Although we were unable to perform a formal analysis due to sample size, the interviews with residents and supervisors were largely in keeping with the quantitative data: both groups identified a defined program structure, access to various research resources, increased research mentorship and increased scholarly work as benefits of the SAGE program. However, the interviews highlighted several issues where stakeholders had conflicting views.

 

Some supervisors felt that SAGE had increased their accountability in supervising resident projects, while others felt that it had taken away some of their responsibilities by having the SAGE program provide a timeline and ensure that residents stay on track. Supervisors generally perceived program timelines, support and general organization as adequate while residents felt these areas could be improved with the addition of more research mentors. In addition, supervisors were more satisfied by the feedback provided by the SAGE committee as compared to the residents, who voiced not always finding the feedback helpful.

 

The interviews also helped explore areas for improvement that were identified by both residents and supervisors in the online surveys. One such issue was the definition and scope of resident scholarly projects:  both residents and supervisors reported having difficulty creating a research question with realistic scope for completing during residency while still producing worthwhile research. This is a barrier that has already been described in previous studies assessing residency research projects (Levine, Hebert and Wright, 2005). Residents also voiced feeling increased pressure to produce a project within a timeline while balancing clinical duties, as described in the literature (Yuan, Xu and Hu, 2013). The other area for improvement raised by residents and supervisors was to increase methodology training and research mentorship earlier on in residency. Based on this feedback, a one-week research course has now been introduced for first year residents upon entering our training program.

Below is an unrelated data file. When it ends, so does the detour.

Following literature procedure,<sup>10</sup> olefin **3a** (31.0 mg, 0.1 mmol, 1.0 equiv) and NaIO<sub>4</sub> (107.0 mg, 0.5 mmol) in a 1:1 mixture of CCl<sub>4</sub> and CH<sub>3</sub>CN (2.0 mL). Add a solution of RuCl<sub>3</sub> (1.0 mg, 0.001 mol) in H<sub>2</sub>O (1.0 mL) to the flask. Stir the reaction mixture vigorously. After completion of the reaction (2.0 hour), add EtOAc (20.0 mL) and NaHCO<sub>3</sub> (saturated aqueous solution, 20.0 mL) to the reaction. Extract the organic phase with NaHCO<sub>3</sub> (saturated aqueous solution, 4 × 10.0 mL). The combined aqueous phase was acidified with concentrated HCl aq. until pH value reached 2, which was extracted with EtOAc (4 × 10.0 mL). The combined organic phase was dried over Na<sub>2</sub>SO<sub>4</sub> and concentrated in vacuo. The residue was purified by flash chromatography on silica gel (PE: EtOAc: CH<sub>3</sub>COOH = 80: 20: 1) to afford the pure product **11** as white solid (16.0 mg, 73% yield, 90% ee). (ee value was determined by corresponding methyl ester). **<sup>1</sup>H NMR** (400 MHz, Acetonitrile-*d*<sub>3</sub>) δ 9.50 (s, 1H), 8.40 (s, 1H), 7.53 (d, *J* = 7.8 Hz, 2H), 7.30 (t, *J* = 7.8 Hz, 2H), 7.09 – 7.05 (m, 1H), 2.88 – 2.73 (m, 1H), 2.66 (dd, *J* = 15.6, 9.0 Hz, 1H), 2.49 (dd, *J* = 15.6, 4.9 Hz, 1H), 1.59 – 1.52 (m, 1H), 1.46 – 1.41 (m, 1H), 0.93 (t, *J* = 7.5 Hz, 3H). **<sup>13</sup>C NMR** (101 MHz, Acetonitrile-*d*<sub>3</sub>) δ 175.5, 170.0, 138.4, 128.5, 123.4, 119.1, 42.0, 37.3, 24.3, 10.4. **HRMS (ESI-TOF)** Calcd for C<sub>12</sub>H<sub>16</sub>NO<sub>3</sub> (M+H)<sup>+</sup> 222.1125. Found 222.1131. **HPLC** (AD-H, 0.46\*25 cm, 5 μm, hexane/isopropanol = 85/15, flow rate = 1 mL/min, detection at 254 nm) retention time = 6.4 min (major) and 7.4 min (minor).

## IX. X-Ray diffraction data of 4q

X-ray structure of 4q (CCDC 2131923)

Residents and supervisors’ perceptions of institutional support of resident research increased considerably post SAGE implementation.  A survey distributed at our institution in 2011 showed that 32% of residents and 26% of supervisors perceived our institution to be supportive of resident research (Moreau et al., 2014), while in our current study, 75% of residents and 80% of supervisors feel that CHEO is moderately or greatly supportive of resident research. This suggests that the implementation of the SAGE program has had a measurable positive impact at an institutional level. This may be due to a greater number of resident research activities, journal club, SAGE rounds and committee feedback, raising awareness of the increased importance of scholarly activities for residents. Interestingly, supervisors tended to rate the SAGE resources more positively than residents did and were less divided in terms of perceived institutional recognition of resident research accomplishments. While the reasons for this remain unclear, this may be because residents were the ones to access resources and therefore more likely to experience day-to-day organizational challenges, while supervisors had a more removed role and observed the results of their residents’ accessing SAGE resources.